Third: Deliberate disregard for health and safety of workers hired to decontaminate the damaged plant; many of them migrant workers, foreign trainees, asylum seekers, and people who were homeless.

These reports shocked and angered many of us who are concerned about human rights of citizens of every nation and the health of this planet. The government’s job is to make sure that every citizen has an access, means, and resources to live a safe, secure, and abundant life. It is the government’s responsibility to respect and protect the rights of all foreigners who reside in Japan, regardless of their nationality or status. Apparently, the Japanese government is failing to fulfill its responsibilities.

Other news from Fukushima deeply concern us as well. There has been more than 200 reported cases of thyroid cancer among Fukushima children. However, prominent figures in medical profession in Japan still deny the correlation between the nuclear accident and a higher rate of cancers in and around Fukushima. The Fukushima prefectural government is pushing to do away with thyroid cancer screenings currently offered in schools and radiation monitoring stations in public areas. Japan’s Environmental Ministry has approved the plan to re-use Fukushima’s radiated soil in agricultural land all over Japan. What are the Japanese government’s intentions behind all of these? It seems as if you believe you can make things disappear by concealing, denying, or falsifying facts.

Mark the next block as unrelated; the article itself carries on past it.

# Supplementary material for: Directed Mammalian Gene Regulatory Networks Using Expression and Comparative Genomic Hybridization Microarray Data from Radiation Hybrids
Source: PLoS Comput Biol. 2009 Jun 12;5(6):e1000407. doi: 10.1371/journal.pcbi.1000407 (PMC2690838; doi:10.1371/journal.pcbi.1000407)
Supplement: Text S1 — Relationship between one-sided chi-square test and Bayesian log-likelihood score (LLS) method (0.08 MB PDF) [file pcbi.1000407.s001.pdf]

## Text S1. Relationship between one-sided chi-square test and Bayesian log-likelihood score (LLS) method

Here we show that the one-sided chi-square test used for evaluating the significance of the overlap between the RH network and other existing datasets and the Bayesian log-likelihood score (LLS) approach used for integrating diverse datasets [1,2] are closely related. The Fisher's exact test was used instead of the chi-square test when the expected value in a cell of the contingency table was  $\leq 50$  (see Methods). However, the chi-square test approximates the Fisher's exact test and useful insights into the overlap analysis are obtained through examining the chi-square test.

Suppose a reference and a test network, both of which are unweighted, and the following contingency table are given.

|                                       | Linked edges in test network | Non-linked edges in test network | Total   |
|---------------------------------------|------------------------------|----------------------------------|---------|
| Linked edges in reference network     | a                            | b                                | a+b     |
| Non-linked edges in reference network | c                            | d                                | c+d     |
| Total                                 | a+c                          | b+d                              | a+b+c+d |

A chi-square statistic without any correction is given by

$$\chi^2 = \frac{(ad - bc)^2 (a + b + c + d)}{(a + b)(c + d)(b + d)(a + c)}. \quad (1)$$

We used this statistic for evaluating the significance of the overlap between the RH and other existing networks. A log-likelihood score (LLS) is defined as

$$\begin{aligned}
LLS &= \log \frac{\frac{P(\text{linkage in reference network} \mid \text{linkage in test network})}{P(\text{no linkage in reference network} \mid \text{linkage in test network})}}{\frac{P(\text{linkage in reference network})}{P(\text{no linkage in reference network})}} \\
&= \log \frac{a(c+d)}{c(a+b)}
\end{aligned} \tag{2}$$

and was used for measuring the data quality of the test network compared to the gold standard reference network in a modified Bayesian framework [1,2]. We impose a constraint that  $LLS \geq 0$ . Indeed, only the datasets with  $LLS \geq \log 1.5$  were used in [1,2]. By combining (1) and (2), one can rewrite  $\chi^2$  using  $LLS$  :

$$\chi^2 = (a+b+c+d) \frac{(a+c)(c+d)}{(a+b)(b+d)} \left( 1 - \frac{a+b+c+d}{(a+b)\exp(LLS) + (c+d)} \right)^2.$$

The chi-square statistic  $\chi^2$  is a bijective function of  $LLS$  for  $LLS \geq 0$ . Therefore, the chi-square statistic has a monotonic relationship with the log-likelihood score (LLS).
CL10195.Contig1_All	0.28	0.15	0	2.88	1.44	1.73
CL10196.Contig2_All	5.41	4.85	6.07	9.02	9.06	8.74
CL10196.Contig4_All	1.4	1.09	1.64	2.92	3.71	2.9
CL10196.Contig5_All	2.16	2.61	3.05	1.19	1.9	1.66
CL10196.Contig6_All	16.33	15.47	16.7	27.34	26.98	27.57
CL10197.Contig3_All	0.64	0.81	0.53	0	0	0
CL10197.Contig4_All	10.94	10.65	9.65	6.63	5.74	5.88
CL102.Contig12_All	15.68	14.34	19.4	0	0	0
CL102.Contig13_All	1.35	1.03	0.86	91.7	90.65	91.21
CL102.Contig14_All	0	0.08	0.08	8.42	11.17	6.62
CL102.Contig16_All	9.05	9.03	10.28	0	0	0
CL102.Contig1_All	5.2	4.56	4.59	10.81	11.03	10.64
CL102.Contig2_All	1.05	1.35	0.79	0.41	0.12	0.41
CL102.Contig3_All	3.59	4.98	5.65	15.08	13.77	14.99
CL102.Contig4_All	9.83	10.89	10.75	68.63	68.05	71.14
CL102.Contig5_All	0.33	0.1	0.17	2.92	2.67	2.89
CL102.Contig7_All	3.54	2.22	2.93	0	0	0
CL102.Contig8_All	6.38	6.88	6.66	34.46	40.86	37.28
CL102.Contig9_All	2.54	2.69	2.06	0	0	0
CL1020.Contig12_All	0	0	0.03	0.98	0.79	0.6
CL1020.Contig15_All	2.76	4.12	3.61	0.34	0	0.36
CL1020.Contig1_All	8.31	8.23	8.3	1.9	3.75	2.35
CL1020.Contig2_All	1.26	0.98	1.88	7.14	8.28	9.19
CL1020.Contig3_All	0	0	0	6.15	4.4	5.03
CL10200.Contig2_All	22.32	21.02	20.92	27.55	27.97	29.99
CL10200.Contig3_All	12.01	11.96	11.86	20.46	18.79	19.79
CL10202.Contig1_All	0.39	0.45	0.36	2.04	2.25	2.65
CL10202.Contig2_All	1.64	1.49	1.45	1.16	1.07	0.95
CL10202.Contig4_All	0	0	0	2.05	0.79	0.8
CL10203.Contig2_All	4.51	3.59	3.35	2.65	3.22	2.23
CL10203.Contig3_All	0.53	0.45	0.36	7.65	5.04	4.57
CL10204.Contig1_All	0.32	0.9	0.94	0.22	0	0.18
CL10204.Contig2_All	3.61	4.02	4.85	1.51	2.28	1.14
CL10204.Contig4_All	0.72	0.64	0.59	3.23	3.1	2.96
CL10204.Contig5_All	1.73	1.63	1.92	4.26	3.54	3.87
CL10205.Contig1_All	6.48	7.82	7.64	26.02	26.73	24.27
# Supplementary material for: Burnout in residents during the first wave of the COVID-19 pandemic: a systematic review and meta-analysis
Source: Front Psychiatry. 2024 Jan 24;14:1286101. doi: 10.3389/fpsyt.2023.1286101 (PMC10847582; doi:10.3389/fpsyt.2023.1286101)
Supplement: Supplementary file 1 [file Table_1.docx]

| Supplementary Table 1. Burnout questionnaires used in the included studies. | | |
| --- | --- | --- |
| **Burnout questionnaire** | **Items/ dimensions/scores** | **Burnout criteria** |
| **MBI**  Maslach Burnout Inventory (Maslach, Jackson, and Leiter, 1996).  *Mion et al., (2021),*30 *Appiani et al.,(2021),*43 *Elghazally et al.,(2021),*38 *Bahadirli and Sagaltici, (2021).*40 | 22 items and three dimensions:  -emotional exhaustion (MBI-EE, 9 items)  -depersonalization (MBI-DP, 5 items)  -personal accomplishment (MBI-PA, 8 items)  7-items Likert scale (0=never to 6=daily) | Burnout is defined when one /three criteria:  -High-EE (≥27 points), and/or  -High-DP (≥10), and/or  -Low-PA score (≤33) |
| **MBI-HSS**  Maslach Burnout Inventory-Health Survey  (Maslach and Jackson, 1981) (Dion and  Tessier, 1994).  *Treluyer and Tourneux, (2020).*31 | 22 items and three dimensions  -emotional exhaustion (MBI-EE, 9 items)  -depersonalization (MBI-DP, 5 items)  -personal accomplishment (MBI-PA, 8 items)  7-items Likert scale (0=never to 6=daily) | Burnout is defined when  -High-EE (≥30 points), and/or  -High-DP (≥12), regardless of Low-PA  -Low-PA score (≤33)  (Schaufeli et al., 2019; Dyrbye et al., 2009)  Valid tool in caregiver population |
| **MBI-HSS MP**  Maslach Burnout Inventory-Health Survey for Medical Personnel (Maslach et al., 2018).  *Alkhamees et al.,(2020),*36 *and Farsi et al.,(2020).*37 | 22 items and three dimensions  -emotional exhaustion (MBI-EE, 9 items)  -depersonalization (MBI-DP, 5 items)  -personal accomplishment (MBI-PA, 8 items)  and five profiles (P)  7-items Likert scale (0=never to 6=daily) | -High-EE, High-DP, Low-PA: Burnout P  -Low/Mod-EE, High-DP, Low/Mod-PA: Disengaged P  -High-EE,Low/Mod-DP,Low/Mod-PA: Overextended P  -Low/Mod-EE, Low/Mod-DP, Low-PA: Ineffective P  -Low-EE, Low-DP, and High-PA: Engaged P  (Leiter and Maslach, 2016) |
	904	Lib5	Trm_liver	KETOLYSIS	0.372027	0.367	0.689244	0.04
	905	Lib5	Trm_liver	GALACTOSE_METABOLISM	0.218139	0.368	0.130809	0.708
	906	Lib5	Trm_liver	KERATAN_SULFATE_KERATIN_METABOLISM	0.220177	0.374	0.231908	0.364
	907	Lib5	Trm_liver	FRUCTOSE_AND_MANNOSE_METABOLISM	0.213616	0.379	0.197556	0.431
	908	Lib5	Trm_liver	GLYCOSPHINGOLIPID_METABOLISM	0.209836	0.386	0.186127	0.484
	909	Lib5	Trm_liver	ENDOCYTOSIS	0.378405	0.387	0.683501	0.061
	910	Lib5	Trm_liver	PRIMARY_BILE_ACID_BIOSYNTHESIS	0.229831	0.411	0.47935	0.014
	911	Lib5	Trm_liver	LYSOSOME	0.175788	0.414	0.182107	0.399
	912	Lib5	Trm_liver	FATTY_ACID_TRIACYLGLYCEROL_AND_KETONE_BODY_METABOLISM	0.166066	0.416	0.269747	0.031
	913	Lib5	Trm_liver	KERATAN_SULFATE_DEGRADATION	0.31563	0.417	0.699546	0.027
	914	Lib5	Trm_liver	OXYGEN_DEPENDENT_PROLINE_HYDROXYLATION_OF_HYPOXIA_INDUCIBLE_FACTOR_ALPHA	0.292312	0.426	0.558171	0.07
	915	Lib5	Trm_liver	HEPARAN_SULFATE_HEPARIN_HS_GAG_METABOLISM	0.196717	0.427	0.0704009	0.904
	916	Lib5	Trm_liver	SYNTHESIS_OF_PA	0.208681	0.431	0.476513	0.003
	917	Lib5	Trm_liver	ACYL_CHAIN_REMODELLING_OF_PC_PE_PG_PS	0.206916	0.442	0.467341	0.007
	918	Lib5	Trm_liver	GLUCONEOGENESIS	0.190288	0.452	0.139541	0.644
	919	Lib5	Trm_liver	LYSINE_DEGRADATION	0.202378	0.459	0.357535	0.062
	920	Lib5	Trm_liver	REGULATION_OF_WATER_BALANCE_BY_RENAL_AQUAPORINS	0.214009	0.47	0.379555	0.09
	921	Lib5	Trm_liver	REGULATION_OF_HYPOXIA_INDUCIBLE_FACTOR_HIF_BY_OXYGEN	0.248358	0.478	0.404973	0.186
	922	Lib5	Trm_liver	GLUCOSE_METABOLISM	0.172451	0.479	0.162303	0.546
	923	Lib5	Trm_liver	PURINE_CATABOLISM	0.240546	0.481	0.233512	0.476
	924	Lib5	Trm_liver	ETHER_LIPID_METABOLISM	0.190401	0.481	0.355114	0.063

But erasing 30,000+ evacuees from statistics by declaring unsafe areas “safe,” eliminating their housing subsidies, and forcing them to return to their home still contaminated with dangerous levels of radiation neither makes contamination disappear or ends people’s suffering. I know an elderly gentleman who is being sued for refusing to vacate his subsidized housing. A mother who fell ill due to a high stress of having to deal with the subsidies being cut. She took her own life, because she could no longer work and support herself and her college-age daughter; she figured her daughter would be better off without her.